Virtual Symposium: Global Comics and the Rise of Modern Manga

Image of Blondie characters with Japanese text

March 30, 2022
6:00 pm - 8:00 pm


Where does manga come from? What role did U.S. comics play in shaping modern manga? How did manga become a dominant force in global comics in recent decades? Join The Institute for Japanese Studies, University Libraries Area Studies and the Billy Ireland Cartoon Library & Museum as we explore these questions and more in the upcoming virtual symposium “Global Comics and the Rise of Modern Manga.” The discussions will be moderated by Dr. Jared Gardner, Professor of English and Director of the Humanities Collaboratory at The Ohio State University and Dr. Kinko Ito, Professor of Sociology at the University of Arkansas Little Rock. Exploring the development of manga in the twentieth century, three international experts in popular culture and comics studies will contest current narratives that treat manga as exotic or disconnected from its American and European counterparts.

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The presentations include:

“Transcultural Flows and Kitazawa Rakuten’s Early Inspirations”
Ron Stewart, Daito Bunka University

The first panelist, Dr. Ron Stewart, will discuss international influences on Kitazawa Rakuten (1876-1955), arguably Japan’s first career comic artist and a major figure in the first decades of the twentieth century. In his paper, “Transcultural Flows and Kitazawa Rakuten’s Early Inspirations,” Stewart focuses on the increasingly transnational media space that characterized Rakuten’s early career from the turn of the twentieth century to the 1920s.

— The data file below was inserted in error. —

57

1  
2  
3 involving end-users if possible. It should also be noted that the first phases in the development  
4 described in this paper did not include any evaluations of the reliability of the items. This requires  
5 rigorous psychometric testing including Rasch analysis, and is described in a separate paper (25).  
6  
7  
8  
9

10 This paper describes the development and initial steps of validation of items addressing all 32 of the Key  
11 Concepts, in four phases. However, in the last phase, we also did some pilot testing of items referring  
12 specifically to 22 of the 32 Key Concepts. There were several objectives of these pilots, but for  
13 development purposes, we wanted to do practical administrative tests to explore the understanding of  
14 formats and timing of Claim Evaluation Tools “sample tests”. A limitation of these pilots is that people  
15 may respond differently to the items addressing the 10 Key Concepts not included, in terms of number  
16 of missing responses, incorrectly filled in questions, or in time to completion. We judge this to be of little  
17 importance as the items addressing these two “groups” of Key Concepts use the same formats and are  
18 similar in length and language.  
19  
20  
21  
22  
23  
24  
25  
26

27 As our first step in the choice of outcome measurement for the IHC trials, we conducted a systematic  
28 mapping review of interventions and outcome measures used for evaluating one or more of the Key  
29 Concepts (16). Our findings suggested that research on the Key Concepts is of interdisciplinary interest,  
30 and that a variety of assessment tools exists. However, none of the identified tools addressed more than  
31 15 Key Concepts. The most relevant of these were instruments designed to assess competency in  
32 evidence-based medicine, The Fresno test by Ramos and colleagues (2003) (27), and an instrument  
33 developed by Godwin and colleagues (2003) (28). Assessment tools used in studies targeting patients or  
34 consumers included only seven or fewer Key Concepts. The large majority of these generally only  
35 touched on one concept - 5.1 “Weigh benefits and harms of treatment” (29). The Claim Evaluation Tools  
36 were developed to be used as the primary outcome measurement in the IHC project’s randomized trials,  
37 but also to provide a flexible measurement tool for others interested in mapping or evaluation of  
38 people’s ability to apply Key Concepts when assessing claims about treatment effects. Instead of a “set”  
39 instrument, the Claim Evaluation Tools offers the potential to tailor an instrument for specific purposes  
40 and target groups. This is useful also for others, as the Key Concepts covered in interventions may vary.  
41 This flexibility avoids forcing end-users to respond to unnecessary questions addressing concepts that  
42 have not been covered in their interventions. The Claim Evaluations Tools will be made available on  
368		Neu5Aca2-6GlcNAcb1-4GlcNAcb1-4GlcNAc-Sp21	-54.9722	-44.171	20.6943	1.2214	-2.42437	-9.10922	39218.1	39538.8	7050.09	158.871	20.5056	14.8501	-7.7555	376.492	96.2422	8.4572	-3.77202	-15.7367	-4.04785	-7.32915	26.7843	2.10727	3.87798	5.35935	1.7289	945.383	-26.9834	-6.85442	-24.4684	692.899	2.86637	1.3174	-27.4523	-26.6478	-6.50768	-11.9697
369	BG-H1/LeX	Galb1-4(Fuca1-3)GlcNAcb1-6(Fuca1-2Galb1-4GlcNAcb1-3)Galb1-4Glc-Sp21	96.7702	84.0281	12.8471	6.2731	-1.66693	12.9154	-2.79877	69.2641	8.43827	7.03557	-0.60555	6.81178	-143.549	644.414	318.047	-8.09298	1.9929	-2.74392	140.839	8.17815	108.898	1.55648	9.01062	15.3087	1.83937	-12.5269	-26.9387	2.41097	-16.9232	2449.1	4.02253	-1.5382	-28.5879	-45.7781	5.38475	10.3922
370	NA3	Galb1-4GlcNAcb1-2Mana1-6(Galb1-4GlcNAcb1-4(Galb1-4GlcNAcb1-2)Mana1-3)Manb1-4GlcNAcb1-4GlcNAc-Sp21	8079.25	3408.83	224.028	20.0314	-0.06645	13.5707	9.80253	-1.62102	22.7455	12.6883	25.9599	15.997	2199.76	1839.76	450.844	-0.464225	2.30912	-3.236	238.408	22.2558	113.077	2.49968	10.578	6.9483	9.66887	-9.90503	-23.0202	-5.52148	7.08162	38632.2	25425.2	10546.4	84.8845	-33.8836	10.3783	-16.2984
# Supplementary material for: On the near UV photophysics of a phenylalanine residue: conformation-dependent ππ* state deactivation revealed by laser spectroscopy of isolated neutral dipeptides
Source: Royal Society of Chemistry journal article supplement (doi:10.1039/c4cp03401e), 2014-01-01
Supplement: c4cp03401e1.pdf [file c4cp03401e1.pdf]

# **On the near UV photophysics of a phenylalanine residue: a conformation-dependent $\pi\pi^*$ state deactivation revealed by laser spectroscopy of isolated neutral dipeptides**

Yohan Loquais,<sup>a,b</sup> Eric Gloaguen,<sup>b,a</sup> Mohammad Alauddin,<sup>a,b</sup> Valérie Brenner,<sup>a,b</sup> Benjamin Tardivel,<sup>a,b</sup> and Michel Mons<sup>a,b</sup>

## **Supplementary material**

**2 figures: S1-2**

“How Manga Eclipsed Comics”
Eike Exner, Independent Scholar

Dr. Eike Exner will focus on the basis of modern manga as a function of Japanese translations of American comic strips in the 1920s. Drawing on his recent book publication, “Comics and the Origins of Manga, A Revisionist History” (Rutgers University Press, 2021), his paper, “How Manga Eclipsed Comics,” asks how Japanese comics eventually surpassed its U.S. and European counterparts economically and in terms of global influence.

“Transnational Encounters between Postwar Japanese Manga and American Comics, 1945-1970s”
Shige “CJ” Suzuki, Baruch College, City University of New York (CUNY)

Dr. Shige “CJ” Suzuki explores how Japanese mangaka (comics creators) employed non-domestic styles and narrative methods to (re-)innovate the medium of manga in the postwar era. In his paper, “Transnational Encounters between Postwar Japanese Manga and American Comics, 1945-1970s,” he calls for a transnational perspective that recognizes manga/comics as the complex (and fluid) product of various cultural traditions and media forms.

About the Moderators and Speakers

Eike Exner is the author of the new manuscript “Comics and the Origins of Manga, A Revisionist History” (Rutgers University Press, 2021). He is an independent scholar who has taught at the University of Southern California in Los Angeles and Josai International University in Tokyo. His research has also appeared in the International Journal of Comic Art, ImageTexT and The Comics World, and he has received the John A. Lent Award in Comics Studies.